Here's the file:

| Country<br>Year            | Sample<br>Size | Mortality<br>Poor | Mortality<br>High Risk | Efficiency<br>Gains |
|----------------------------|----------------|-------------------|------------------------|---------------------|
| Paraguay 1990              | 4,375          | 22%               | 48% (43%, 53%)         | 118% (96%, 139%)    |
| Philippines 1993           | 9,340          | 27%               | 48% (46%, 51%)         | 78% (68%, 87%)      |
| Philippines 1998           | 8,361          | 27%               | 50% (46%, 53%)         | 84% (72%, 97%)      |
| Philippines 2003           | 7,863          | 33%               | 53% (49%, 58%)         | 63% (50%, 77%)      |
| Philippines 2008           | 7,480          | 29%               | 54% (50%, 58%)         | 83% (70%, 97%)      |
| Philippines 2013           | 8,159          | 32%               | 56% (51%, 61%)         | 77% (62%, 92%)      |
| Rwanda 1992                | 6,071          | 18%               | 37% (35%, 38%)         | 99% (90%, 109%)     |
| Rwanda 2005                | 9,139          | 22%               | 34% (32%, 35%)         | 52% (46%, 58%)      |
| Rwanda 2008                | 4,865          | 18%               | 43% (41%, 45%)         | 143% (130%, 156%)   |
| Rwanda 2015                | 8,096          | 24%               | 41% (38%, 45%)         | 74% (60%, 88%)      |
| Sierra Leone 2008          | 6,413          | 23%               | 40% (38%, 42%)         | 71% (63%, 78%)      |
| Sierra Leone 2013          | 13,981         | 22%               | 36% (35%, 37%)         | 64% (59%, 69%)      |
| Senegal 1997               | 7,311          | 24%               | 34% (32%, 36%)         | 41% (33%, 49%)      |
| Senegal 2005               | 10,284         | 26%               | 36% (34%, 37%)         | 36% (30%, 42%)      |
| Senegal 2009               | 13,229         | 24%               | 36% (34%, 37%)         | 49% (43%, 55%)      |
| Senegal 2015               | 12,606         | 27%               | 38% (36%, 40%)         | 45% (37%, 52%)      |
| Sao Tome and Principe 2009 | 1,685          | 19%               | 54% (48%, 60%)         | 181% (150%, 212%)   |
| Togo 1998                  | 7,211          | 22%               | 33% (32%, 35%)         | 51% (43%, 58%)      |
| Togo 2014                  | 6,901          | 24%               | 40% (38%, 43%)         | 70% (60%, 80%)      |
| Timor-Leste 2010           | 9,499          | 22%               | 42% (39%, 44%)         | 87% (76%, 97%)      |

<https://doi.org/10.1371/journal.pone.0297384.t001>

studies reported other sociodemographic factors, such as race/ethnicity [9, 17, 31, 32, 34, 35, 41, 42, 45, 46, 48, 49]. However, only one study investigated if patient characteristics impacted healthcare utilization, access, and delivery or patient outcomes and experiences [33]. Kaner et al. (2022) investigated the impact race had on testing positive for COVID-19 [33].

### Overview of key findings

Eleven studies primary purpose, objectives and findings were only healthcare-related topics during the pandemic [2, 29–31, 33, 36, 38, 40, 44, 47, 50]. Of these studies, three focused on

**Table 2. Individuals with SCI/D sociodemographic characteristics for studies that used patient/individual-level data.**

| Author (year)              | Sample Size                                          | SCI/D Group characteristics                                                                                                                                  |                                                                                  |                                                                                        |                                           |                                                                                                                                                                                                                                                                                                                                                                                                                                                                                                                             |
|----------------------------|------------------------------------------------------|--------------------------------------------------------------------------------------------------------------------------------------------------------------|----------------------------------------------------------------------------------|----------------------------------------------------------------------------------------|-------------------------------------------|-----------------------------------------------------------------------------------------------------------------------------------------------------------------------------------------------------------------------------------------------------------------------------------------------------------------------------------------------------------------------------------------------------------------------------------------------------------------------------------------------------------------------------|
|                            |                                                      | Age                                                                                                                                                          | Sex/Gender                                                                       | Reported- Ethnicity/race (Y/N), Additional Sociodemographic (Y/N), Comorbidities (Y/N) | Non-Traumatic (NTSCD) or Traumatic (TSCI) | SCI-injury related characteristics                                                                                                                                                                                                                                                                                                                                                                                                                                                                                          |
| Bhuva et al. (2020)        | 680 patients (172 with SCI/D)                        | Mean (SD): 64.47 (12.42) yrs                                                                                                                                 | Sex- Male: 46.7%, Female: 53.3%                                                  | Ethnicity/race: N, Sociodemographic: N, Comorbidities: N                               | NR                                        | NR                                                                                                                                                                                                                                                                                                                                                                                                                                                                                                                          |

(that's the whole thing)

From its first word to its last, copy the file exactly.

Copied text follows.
| Country<br>Year            | Sample<br>Size | Mortality<br>Poor | Mortality<br>High Risk | Efficiency<br>Gains |
|----------------------------|----------------|-------------------|------------------------|---------------------|
| Paraguay 1990              | 4,375          | 22%               | 48% (43%, 53%)         | 118% (96%, 139%)    |
| Philippines 1993           | 9,340          | 27%               | 48% (46%, 51%)         | 78% (68%, 87%)      |
| Philippines 1998           | 8,361          | 27%               | 50% (46%, 53%)         | 84% (72%, 97%)      |
| Philippines 2003           | 7,863          | 33%               | 53% (49%, 58%)         | 63% (50%, 77%)      |
| Philippines 2008           | 7,480          | 29%               | 54% (50%, 58%)         | 83% (70%, 97%)      |
| Philippines 2013           | 8,159          | 32%               | 56% (51%, 61%)         | 77% (62%, 92%)      |
| Rwanda 1992                | 6,071          | 18%               | 37% (35%, 38%)         | 99% (90%, 109%)     |
| Rwanda 2005                | 9,139          | 22%               | 34% (32%, 35%)         | 52% (46%, 58%)      |
| Rwanda 2008                | 4,865          | 18%               | 43% (41%, 45%)         | 143% (130%, 156%)   |
| Rwanda 2015                | 8,096          | 24%               | 41% (38%, 45%)         | 74% (60%, 88%)      |
| Sierra Leone 2008          | 6,413          | 23%               | 40% (38%, 42%)         | 71% (63%, 78%)      |
| Sierra Leone 2013          | 13,981         | 22%               | 36% (35%, 37%)         | 64% (59%, 69%)      |
| Senegal 1997               | 7,311          | 24%               | 34% (32%, 36%)         | 41% (33%, 49%)      |
| Senegal 2005               | 10,284         | 26%               | 36% (34%, 37%)         | 36% (30%, 42%)      |
| Senegal 2009               | 13,229         | 24%               | 36% (34%, 37%)         | 49% (43%, 55%)      |
| Senegal 2015               | 12,606         | 27%               | 38% (36%, 40%)         | 45% (37%, 52%)      |
| Sao Tome and Principe 2009 | 1,685          | 19%               | 54% (48%, 60%)         | 181% (150%, 212%)   |
| Togo 1998                  | 7,211          | 22%               | 33% (32%, 35%)         | 51% (43%, 58%)      |
| Togo 2014                  | 6,901          | 24%               | 40% (38%, 43%)         | 70% (60%, 80%)      |
| Timor-Leste 2010           | 9,499          | 22%               | 42% (39%, 44%)         | 87% (76%, 97%)      |

<https://doi.org/10.1371/journal.pone.0297384.t001>

studies reported other sociodemographic factors, such as race/ethnicity [9, 17, 31, 32, 34, 35, 41, 42, 45, 46, 48, 49]. However, only one study investigated if patient characteristics impacted healthcare utilization, access, and delivery or patient outcomes and experiences [33]. Kaner et al. (2022) investigated the impact race had on testing positive for COVID-19 [33].

### Overview of key findings

Eleven studies primary purpose, objectives and findings were only healthcare-related topics during the pandemic [2, 29–31, 33, 36, 38, 40, 44, 47, 50]. Of these studies, three focused on

**Table 2. Individuals with SCI/D sociodemographic characteristics for studies that used patient/individual-level data.**

| Author (year)              | Sample Size                                          | SCI/D Group characteristics                                                                                                                                  |                                                                                  |                                                                                        |                                           |                                                                                                                                                                                                                                                                                                                                                                                                                                                                                                                             |
|----------------------------|------------------------------------------------------|--------------------------------------------------------------------------------------------------------------------------------------------------------------|----------------------------------------------------------------------------------|----------------------------------------------------------------------------------------|-------------------------------------------|-----------------------------------------------------------------------------------------------------------------------------------------------------------------------------------------------------------------------------------------------------------------------------------------------------------------------------------------------------------------------------------------------------------------------------------------------------------------------------------------------------------------------------|
|                            |                                                      | Age                                                                                                                                                          | Sex/Gender                                                                       | Reported- Ethnicity/race (Y/N), Additional Sociodemographic (Y/N), Comorbidities (Y/N) | Non-Traumatic (NTSCD) or Traumatic (TSCI) | SCI-injury related characteristics                                                                                                                                                                                                                                                                                                                                                                                                                                                                                          |
| Bhuva et al. (2020)        | 680 patients (172 with SCI/D)                        | Mean (SD): 64.47 (12.42) yrs                                                                                                                                 | Sex- Male: 46.7%, Female: 53.3%                                                  | Ethnicity/race: N, Sociodemographic: N, Comorbidities: N                               | NR                                        | NR                                                                                                                                                                                                                                                                                                                                                                                                                                                                                                                          |